If you haven’t yet heard of Holly Lawrence, prepare to be impressed. At just 27 years old Holly has taken the triathlon world by storm. After competing at the IRONMAN 70.3 distance for just two years, team TYR’s newest athlete swam, biked and ran her way to first place at the 2016 IRONMAN 70.3 World Championships in Queensland, Australia. Since then she has earned a total of eleven 70.3 wins and is currently a 2x IM 70.3 North American Champion and IM 70.3 Middle East Champion. Today, this Great Britain native has made the golden state her home, training and living in Santa Monica, California.

With some serious accomplishments under her belt, it’s safe to say that Holly knows a thing or two about competition. So we decided to get her opinion on what it takes to really compete in a triathlon.

Are you a first time triathlete or simply thinking about taking on the sport? If so, then read on below for some of Holly’s top tips to conquering your first race. (And hint, it’s got a lot to do with proper preparation!)

First up, break in your gear. Holly encourages first time triathletes to test any products or plans they want to use on race day in the months leading up to the triathlon. All too often people use a new kit, nutrition strategy, equipment or wheels during race day and inevitably, something goes wrong. Giving yourself time to test out what works will help you to know if a nutrition plan causes GI issues or if a wetsuit doesn’t fit right. Race day is not the time to test things out!

Next, prepare, prepare, prepare!  Holly suggests giving yourself time to check out the layout of the course you are planning to race. She recommends knowing the technical sections of your location, so that you feel most comfortable on race day.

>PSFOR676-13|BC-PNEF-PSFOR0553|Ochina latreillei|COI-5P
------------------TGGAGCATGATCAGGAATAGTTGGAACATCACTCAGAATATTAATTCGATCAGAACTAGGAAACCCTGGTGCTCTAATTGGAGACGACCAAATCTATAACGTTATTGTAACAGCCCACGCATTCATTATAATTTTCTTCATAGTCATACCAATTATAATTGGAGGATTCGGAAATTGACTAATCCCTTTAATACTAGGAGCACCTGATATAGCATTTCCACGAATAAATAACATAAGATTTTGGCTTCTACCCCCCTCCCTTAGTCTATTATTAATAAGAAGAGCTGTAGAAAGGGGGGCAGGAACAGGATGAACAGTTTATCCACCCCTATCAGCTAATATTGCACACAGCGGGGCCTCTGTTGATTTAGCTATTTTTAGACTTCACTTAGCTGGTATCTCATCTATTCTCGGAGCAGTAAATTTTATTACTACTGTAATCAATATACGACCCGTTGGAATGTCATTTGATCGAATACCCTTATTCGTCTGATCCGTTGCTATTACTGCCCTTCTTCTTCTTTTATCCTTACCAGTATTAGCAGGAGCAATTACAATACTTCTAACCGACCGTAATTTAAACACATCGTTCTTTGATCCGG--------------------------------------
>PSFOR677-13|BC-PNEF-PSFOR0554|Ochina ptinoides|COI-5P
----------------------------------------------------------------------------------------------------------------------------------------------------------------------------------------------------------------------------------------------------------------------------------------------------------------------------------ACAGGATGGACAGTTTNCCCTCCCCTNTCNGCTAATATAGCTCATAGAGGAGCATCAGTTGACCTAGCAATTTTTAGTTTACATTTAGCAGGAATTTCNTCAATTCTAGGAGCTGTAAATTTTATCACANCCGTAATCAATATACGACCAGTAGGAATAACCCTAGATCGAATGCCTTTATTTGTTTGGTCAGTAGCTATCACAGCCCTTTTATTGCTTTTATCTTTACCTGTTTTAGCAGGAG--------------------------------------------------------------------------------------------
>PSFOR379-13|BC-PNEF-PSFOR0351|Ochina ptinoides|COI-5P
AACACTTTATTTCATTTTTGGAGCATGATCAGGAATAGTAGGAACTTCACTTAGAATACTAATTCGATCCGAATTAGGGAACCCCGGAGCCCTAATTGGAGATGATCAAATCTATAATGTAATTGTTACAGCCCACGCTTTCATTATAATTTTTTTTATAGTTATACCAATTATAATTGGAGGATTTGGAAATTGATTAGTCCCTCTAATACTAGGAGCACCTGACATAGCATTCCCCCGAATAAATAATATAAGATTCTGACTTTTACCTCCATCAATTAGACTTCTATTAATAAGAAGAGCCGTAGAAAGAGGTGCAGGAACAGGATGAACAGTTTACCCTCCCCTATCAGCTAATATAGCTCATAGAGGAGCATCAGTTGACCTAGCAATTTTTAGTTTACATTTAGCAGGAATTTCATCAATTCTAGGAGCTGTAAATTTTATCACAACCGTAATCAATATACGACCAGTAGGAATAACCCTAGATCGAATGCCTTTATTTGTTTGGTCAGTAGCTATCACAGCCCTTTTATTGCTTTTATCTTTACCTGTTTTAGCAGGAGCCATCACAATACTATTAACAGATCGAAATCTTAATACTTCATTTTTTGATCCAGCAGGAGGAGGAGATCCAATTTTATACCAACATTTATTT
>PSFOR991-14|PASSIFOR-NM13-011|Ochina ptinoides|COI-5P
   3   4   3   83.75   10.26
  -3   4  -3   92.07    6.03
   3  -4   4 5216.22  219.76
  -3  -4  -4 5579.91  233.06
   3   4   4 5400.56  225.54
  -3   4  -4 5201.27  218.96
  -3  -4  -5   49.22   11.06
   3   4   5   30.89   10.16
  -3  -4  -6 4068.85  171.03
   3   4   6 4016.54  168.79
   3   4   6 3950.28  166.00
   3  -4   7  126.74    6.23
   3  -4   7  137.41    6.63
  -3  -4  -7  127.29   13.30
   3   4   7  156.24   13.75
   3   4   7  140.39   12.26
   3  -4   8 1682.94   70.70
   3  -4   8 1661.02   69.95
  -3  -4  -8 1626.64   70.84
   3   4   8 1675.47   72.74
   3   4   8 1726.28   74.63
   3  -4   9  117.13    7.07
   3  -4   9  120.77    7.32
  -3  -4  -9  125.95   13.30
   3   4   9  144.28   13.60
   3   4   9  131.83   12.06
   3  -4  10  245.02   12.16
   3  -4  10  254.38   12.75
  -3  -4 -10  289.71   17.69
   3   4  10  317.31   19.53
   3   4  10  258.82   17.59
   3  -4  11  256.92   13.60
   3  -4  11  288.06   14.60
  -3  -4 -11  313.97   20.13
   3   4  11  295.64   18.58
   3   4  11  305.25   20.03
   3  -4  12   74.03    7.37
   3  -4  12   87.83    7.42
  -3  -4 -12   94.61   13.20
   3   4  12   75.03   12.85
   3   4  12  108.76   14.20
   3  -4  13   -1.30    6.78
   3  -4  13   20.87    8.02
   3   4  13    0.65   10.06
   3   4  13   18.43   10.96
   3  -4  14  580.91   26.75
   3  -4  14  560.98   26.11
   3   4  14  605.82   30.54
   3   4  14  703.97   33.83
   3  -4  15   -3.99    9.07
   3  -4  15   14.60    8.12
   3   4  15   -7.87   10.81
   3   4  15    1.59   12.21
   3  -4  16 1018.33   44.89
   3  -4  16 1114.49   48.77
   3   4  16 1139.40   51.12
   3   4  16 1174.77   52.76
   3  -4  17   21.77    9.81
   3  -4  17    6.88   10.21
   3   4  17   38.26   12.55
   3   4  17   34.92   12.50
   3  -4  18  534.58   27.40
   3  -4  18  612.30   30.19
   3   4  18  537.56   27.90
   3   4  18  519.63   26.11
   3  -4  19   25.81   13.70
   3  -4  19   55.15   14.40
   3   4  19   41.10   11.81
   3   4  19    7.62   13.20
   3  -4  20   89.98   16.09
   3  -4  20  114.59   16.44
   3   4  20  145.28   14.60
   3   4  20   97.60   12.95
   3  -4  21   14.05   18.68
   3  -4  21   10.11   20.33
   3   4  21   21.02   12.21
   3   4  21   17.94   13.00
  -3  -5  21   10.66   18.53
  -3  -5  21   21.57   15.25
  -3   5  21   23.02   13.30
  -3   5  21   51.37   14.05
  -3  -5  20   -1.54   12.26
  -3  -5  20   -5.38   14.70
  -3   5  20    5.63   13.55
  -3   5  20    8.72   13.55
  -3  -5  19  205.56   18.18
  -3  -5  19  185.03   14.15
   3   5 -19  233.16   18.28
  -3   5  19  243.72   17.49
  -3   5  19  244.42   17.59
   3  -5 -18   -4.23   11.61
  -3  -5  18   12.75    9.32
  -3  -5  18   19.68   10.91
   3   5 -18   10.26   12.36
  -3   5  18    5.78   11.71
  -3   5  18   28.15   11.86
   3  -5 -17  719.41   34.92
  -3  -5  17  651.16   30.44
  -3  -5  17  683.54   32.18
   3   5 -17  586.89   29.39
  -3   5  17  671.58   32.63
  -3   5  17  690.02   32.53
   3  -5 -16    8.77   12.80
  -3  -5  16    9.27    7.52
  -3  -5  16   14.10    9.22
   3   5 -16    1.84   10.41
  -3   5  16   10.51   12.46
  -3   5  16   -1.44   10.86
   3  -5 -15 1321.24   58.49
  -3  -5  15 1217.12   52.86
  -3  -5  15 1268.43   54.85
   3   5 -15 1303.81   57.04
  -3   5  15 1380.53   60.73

On the morning of the race, Holly recommends doing a transition run through. Begin with where you would enter from the swim, following the flow the race will use. Moving through your transition stop by your bike and run through changing equipment in your head. Continue to run through bike out, then do the same with bike in and run out. She stresses that though it may sound or feel silly, figuring out your transitions in a race can be very disorienting. So taking the time to run through the motions prior to the start will allow you to act without so much thought.

Finally, Holly’s biggest tip? Racing should be fun, so enjoy it!  She believes you’ll get the most out of yourself when you’re in a good head-space and loving that feeling of pushing yourself to see what you can achieve. And the rest of us over at team TYR couldn’t agree more!

So to all of our first time and veteran triathletes alike, we’re wishing you good luck in your next race!

If you enjoyed this post (and Holly’s awesome advice) be sure to tag us in all of your training, pre-race and race day tips with the hashtag #TYRTips. We can’t wait to see what you’re up to!

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